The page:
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Meta Takes Action Against Multiple Foreign Influence Campaigns

Meta removed three foreign influence operations from the Facebook platform during Q3, 2023. Two were Chinese in origin, and one was Russian, the company says. 

Disinformation campaigns on Facebook removed by Meta

Social media giant Meta removed three foreign influence operations from the Facebook platform during Q3, 2023. It designates such operations as coordinated inauthentic behavior (CIB). Two were Chinese in origin, and one was Russian, the company says. 

In each case, the purpose of the CIB was to influence public opinion by spreading false and/or misleading information. Overall, Russia, Iran, and China are the most prolific sources of foreign influence campaigns.

For one Chinese CIB, Meta removed 13 Facebook accounts and seven Groups. One of these Groups had attracted about 1,400 followers. False personas on both Facebook and Twitter posed as journalists, lawyers, and human rights activists.

Two clusters of fictitious personas targeted Tibet and the Arunachal Pradesh region of India. The Tibet cluster accused the Dalai Lama and his followers of corruption and pedophilia, while the second cluster accused the Indian government of corruption and supporting ethnic violence.

For the second Chinese CIB, Meta removed 4,789 Facebook accounts posing as Americans and attempting to influence US politics and US-China relations. This CIB was removed before it could effectively engage with authentic communities on the Meta platforms.

Both sides of the US political divide were criticized by this CIB. Methods would include copy-pasting from legitimate X posts, re-posting Musk posts, resharing legitimate Facebook posts, and linking to genuine mainstream media articles. The likely purpose was to appear more authentic.

Example of fake account under a foreign influence operation

For the Russian CIB, Meta removed six Facebook accounts, one Page, and three Instagram accounts. This CIB targeted English-speaking audiences, and primarily talked about the war in Ukraine. It was supported by fictitious ‘media’ brands on Telegram, which were in turn promoted by Russian embassies and diplomatic missions on Facebook, X, and YouTube.

The Russian CIB accused Ukraine of war crimes, and Ukraine’s supporters of ‘Russophobia’. But it also made critical comments about transgender and human rights; and criticized Biden and Macron – while praising Russian and criticizing French activity in West Africa.

The group garnered around 1,000 followers on Facebook, and 1,000 followers on Instagram.

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The primary common factor in these operations is that they seek to influence opinion on current geopolitical situations. Meta expects such activity to increase in 2024 in response to upcoming elections in America and Europe. Russian and Iranian campaigns have been found in previous US election cycles (although they were not considered to be sufficient to affect election results). In 2024, Meta expects the volume of elections-related content, including influence campaigns, to scale dramatically with gen-AI.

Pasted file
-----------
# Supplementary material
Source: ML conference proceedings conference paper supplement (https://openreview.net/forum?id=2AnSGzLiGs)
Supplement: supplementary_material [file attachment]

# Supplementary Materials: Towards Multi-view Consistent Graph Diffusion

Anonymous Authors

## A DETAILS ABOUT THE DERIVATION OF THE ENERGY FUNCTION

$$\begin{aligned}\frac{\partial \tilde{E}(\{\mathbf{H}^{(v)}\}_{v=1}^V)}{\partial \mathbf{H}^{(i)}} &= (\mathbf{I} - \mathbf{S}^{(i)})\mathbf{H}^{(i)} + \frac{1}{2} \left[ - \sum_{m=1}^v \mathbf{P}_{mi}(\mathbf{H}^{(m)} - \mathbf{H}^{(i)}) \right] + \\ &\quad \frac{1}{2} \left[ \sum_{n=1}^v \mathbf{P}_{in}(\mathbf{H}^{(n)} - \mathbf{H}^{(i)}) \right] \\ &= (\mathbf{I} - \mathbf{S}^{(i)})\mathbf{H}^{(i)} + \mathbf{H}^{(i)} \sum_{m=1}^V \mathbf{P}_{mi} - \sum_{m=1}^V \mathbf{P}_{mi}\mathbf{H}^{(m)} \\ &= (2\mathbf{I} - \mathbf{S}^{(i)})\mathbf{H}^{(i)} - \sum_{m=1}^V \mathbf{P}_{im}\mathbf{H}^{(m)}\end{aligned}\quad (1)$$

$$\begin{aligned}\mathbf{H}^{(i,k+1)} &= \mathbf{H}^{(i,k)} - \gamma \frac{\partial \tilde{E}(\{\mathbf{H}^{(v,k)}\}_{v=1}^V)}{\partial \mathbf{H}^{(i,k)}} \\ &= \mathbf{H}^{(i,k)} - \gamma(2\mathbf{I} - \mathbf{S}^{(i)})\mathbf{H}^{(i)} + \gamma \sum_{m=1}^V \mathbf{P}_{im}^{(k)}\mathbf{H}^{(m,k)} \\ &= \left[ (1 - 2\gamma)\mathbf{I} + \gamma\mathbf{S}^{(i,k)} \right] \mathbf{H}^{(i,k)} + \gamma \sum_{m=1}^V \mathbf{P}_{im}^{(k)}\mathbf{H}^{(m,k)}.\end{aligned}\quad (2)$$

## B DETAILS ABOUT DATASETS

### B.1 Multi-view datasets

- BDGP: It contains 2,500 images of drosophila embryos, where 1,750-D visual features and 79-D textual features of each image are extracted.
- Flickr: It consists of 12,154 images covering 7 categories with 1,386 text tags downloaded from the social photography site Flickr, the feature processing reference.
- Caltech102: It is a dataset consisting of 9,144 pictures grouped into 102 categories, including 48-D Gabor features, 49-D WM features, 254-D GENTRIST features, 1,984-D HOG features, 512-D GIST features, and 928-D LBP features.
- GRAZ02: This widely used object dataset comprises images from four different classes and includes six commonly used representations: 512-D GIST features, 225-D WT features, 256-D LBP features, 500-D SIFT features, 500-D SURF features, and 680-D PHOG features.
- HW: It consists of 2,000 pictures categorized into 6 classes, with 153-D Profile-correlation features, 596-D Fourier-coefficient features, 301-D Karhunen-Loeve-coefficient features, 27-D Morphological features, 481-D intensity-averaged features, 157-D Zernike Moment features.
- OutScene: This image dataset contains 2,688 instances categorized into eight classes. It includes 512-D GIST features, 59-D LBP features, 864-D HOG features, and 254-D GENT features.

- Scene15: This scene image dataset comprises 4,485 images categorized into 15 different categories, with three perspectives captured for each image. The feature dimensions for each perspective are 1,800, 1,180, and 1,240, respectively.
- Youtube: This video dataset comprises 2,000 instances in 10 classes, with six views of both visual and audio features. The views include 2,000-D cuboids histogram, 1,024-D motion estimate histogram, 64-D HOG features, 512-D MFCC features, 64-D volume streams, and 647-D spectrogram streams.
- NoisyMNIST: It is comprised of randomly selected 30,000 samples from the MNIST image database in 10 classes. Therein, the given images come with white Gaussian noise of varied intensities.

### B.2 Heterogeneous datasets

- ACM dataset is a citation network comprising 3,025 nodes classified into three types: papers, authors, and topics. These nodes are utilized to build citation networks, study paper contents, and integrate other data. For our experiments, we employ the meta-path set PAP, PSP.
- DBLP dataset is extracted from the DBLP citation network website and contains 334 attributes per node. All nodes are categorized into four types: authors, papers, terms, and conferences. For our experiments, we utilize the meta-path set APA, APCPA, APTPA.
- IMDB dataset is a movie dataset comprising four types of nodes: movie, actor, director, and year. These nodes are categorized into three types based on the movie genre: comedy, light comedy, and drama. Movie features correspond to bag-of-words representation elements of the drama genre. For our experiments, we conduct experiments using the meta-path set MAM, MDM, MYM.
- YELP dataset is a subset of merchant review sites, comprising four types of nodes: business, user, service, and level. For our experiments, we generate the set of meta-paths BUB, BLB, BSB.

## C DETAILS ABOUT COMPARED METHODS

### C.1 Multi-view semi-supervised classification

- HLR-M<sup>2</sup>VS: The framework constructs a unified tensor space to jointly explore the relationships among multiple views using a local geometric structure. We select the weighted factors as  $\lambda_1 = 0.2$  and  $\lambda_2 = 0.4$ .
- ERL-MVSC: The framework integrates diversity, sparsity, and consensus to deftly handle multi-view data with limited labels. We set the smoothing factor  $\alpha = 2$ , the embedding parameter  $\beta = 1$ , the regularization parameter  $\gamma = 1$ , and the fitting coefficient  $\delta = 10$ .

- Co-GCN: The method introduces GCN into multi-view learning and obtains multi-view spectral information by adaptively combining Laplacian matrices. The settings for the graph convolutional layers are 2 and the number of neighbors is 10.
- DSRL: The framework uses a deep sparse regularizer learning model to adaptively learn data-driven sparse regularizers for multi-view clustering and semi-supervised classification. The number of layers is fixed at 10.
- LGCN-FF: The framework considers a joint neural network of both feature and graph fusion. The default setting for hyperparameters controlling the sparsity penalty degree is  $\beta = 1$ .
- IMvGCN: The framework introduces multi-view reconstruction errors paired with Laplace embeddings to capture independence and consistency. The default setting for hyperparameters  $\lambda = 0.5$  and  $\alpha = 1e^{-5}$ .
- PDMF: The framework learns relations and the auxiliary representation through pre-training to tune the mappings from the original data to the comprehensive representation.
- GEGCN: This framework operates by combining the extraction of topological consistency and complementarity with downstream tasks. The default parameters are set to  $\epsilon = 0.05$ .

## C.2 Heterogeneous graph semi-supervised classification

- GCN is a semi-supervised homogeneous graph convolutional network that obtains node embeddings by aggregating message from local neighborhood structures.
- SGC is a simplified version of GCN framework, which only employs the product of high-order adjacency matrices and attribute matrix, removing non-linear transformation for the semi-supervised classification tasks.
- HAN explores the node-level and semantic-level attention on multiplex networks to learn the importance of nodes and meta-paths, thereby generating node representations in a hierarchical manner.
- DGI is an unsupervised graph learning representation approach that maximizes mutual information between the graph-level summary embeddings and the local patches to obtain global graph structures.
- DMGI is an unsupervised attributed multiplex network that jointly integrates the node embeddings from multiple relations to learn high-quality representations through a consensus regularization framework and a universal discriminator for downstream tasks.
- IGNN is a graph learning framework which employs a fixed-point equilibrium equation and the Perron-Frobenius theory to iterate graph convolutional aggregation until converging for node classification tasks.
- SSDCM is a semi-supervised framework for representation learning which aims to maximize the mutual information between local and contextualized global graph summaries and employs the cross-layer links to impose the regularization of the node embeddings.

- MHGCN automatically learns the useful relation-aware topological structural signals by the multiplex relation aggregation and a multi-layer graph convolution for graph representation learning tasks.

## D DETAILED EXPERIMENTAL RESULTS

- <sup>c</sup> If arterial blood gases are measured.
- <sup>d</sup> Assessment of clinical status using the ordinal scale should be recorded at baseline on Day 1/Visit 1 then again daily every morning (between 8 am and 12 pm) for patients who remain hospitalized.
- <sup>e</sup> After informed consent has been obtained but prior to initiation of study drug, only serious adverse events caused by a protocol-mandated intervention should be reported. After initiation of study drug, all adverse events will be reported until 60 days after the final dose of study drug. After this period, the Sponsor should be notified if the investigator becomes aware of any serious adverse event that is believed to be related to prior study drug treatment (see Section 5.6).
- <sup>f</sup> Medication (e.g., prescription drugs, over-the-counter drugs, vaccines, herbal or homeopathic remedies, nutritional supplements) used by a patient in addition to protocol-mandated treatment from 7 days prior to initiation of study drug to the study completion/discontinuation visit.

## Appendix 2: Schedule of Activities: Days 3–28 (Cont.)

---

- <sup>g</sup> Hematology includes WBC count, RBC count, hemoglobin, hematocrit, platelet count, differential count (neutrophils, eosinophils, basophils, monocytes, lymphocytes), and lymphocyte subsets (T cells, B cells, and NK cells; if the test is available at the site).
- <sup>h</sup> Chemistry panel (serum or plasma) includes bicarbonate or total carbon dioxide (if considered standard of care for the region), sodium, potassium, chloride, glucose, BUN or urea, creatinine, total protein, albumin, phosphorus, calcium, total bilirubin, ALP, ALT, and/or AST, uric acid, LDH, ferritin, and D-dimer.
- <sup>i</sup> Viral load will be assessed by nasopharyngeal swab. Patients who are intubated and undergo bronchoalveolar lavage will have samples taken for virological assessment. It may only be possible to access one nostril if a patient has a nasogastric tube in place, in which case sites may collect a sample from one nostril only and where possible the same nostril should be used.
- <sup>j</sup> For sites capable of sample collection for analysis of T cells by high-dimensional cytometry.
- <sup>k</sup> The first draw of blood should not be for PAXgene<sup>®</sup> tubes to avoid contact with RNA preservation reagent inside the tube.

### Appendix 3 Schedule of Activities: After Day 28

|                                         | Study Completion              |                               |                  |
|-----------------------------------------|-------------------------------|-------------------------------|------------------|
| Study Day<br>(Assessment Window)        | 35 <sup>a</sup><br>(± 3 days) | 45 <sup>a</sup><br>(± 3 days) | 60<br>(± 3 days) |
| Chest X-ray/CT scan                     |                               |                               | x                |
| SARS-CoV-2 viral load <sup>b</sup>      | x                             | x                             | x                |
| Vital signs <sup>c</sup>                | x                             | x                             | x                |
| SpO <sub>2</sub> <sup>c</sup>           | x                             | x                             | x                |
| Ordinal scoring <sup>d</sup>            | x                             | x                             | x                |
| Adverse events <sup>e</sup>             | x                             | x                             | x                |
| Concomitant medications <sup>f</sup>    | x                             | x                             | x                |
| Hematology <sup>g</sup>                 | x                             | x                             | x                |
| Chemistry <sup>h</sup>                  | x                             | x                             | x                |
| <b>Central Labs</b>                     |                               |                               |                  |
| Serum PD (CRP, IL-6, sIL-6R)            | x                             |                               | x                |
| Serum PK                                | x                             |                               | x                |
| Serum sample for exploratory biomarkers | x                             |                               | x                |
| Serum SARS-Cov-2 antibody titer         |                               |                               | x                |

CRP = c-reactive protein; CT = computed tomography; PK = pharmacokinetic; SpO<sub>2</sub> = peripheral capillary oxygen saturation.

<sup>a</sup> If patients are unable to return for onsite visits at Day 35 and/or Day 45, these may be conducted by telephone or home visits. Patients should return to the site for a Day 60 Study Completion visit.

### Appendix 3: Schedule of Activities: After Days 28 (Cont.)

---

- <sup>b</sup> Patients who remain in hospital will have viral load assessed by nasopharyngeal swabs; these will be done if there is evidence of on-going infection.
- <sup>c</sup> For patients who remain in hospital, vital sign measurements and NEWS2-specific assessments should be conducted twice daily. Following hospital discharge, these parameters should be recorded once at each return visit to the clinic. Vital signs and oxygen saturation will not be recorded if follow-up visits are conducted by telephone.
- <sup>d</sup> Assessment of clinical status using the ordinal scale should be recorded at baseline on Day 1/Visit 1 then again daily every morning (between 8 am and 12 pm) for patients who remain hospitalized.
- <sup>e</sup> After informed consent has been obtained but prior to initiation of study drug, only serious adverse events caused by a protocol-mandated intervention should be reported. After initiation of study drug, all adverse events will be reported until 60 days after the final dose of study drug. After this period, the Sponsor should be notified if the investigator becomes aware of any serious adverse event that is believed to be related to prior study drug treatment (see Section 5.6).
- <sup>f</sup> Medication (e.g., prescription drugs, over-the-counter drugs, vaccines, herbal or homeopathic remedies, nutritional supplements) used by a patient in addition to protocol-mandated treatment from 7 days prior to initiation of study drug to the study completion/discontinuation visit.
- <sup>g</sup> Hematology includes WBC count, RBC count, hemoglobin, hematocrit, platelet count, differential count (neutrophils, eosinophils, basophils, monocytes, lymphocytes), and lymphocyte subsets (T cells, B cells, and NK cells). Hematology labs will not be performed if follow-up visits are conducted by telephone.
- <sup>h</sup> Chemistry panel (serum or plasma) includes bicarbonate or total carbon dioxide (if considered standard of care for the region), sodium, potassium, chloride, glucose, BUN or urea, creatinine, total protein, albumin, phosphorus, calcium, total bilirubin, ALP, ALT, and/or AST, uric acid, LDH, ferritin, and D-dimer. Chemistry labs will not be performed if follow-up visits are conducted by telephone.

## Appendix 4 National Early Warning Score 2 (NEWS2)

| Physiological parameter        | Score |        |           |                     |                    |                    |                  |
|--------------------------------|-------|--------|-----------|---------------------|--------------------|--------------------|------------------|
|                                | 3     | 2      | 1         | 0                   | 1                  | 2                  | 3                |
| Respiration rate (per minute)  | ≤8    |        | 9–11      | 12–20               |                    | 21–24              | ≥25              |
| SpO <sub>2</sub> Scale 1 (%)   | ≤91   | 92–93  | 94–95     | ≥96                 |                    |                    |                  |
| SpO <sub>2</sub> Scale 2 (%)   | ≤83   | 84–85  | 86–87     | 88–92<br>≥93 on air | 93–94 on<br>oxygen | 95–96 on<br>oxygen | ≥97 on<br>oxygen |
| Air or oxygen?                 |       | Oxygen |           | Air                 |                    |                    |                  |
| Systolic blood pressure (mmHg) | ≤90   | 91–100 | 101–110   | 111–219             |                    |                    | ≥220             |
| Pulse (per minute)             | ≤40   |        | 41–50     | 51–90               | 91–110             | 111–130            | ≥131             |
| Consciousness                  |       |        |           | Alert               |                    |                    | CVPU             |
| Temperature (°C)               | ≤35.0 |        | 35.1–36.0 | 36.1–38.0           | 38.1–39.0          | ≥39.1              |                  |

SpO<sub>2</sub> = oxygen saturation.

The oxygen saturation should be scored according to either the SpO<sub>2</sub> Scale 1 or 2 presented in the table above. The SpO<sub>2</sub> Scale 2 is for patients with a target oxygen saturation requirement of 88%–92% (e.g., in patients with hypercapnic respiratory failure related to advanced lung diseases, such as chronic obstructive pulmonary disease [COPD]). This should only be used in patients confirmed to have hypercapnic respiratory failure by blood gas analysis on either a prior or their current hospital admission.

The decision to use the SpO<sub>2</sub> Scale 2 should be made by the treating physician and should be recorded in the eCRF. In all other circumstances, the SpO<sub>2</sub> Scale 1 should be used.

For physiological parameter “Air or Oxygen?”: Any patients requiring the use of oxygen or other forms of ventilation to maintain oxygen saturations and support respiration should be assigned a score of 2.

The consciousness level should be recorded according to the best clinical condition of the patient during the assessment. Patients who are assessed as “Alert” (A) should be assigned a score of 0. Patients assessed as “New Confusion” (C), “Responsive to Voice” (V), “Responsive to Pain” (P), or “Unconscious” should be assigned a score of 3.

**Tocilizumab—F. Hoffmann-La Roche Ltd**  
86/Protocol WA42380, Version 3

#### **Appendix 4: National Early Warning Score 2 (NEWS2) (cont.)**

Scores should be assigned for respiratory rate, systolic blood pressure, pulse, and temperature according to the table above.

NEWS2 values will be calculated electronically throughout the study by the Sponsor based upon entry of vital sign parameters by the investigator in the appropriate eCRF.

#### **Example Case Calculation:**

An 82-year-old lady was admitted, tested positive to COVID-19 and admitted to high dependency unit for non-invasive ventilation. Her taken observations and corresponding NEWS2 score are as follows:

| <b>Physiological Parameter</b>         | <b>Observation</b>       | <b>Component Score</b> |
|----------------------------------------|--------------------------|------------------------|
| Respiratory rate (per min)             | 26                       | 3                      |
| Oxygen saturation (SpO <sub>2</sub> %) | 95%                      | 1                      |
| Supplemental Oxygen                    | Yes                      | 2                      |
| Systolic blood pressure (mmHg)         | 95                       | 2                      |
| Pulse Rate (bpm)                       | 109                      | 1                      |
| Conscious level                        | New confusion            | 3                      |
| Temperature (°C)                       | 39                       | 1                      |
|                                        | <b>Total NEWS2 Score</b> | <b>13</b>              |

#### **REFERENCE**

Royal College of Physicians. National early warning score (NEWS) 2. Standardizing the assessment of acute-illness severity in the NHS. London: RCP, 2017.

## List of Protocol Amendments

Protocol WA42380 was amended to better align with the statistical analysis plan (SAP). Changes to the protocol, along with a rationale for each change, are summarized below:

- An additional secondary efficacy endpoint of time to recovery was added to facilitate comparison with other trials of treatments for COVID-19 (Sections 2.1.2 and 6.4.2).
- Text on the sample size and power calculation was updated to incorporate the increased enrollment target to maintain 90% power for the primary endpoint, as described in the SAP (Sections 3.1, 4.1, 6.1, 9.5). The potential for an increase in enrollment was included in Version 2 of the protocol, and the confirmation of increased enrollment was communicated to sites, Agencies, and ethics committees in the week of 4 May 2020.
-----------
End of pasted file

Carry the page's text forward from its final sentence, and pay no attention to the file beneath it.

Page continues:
Gen-AI is a double-edged sword. While it will increase adversarial activity, it also helps detect such activity. “At this time,” comments Meta, “we have not seen evidence that it will upend our industry’s efforts to counter covert influence operations – and it’s simultaneously helping to detect and stop the spread of potentially harmful content.”

CIBs attempt to maintain or rebuild their networks after removal. Meta calls the latter recidivist behavior. “Some of these networks may attempt to create new off-platform entities,” reports Meta (PDF), “such as websites or social media accounts, as part of their recidivist activity.”

There is also a growing practice of decentralizing online activities to increase resilience to takedowns. Meta gives the Chinese ‘Spamouflage’ operation as an example. “It was seen running on 50+ platforms, and it primarily seeded content on blogging platforms and forums like Medium, Reddit and Quora before sharing links to that content on ours.”

Meta suspects that this decentralization of activity is a response to increasing pressure from the major platforms. Long running misinformation campaigns are becoming harder to maintain and more costly to operate. However, with the operations spreading across multiple platforms, Meta also suggests that the need for information sharing is increasingly important. 

It is critical, says Meta, “to continue threat sharing across our industry and with the public so that all apps – big or small – can benefit from threat research by others in identifying potential adversarial threats.” Information sharing with and from government is also important. In 2020, Meta took down influence operations originating in Russia, Mexico, and Iran following a tip from law enforcement.

Related: WhatsApp Tightens Sharing Limits to Curb Virus Misinformation

Related: Russia’s Disinformation Efforts Hit 39 Countries: Researchers

Related: US Seizes Domain Names Used by Iran for Disinformation

Related: US Takes Down Iran-linked News Sites, Alleges Disinformation

Written By

Kevin Townsend is a Senior Contributor at SecurityWeek. He has been writing about high tech issues since before the birth of Microsoft. For the last 15 years he has specialized in information security; and has had many thousands of articles published in dozens of different magazines – from The Times and the Financial Times to current and long-gone computer magazines.

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